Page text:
As seen, there is a clear depiction of more photos being taken and tagged in North America (more specifically, the United States), Western Europe, and Japan following close behind than anywhere else in the world. These are the most populated areas in the world, but since the platform is host to over five billion photos, there is an imbalance in where photos are coming from. This is further perpetuated by the fact that the images produced by people in the world’s wealthiest regions (Oii, “Mapping Flickr”).

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Butterfield claims that there is a desire among a “widespread community” to participate and interact by creating their content. However, the findings in the “Mapping Flickr” study shows otherwise. Butterfield is under the notion that anyone who has access to the Internet can post a picture and share with anyone else on the platform. He is correct, but only to an extent. Being that a large majority of pictures is coming from the richest countries, there is already a problem with who is exactly participating in this online community. Essentially, there is only a dialogue happening between those who come from a more privileged background, able to share their lives with one another; therefore, alienating those who are not as fortunate. Also, it does not help that Flickr was founded in one of these wealthy countries.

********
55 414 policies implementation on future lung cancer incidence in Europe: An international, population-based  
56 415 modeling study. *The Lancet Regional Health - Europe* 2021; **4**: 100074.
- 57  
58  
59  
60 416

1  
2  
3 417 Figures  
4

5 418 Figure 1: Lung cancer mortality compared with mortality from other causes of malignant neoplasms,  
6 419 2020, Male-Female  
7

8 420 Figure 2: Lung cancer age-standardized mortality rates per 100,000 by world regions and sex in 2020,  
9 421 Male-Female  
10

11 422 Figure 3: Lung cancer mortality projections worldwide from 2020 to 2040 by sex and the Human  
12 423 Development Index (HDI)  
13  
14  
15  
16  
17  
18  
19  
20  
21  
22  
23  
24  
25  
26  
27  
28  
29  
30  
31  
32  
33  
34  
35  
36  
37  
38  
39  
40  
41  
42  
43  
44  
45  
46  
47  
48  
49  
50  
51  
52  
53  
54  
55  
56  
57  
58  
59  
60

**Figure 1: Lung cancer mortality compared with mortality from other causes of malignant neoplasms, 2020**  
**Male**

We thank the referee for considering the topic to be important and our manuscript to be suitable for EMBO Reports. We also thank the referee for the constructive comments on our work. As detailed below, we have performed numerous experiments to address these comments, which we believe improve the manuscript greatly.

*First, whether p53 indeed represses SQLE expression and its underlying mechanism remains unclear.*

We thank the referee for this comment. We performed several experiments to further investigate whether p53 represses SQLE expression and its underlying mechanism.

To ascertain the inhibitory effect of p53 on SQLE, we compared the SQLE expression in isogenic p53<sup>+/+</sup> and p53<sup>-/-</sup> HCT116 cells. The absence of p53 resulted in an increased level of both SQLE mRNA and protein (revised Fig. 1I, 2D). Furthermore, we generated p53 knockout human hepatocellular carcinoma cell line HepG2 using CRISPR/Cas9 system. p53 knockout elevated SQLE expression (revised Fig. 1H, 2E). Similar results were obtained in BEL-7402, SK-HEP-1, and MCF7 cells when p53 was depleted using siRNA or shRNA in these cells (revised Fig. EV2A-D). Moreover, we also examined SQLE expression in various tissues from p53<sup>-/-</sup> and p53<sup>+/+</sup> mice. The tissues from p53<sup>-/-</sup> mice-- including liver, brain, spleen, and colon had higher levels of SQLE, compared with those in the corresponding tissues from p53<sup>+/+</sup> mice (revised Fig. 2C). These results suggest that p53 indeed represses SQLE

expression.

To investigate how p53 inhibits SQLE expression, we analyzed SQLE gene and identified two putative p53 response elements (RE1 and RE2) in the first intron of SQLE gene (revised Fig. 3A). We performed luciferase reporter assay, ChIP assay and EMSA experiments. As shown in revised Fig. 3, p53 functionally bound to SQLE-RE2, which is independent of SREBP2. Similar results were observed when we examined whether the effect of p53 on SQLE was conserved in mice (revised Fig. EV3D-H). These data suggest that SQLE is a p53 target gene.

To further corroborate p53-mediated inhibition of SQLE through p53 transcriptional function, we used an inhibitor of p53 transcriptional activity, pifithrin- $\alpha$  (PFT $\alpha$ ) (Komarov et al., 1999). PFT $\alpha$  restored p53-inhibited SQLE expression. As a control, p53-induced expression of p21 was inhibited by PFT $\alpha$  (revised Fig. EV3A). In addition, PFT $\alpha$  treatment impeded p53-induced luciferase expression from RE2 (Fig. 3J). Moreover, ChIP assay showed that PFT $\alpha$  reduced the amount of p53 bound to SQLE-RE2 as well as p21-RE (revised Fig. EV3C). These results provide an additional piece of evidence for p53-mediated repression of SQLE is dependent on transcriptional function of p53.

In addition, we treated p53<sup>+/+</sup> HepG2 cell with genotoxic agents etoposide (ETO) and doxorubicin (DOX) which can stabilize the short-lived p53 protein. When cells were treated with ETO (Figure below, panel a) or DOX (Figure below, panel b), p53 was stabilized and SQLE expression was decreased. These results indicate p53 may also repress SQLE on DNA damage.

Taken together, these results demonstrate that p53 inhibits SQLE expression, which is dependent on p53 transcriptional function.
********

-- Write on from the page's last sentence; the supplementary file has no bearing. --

This creates an extremely skewed and problematic perception of the world on the image-sharing platform. Because the Internet is such a highly visual way of engaging with “the world”, and we are only receiving a small sliver of what other people are interacting with, it contradicts the original conception of the Internet bringing people together. If anything, this is creating more division in the world, in terms of equal participation on the Internet.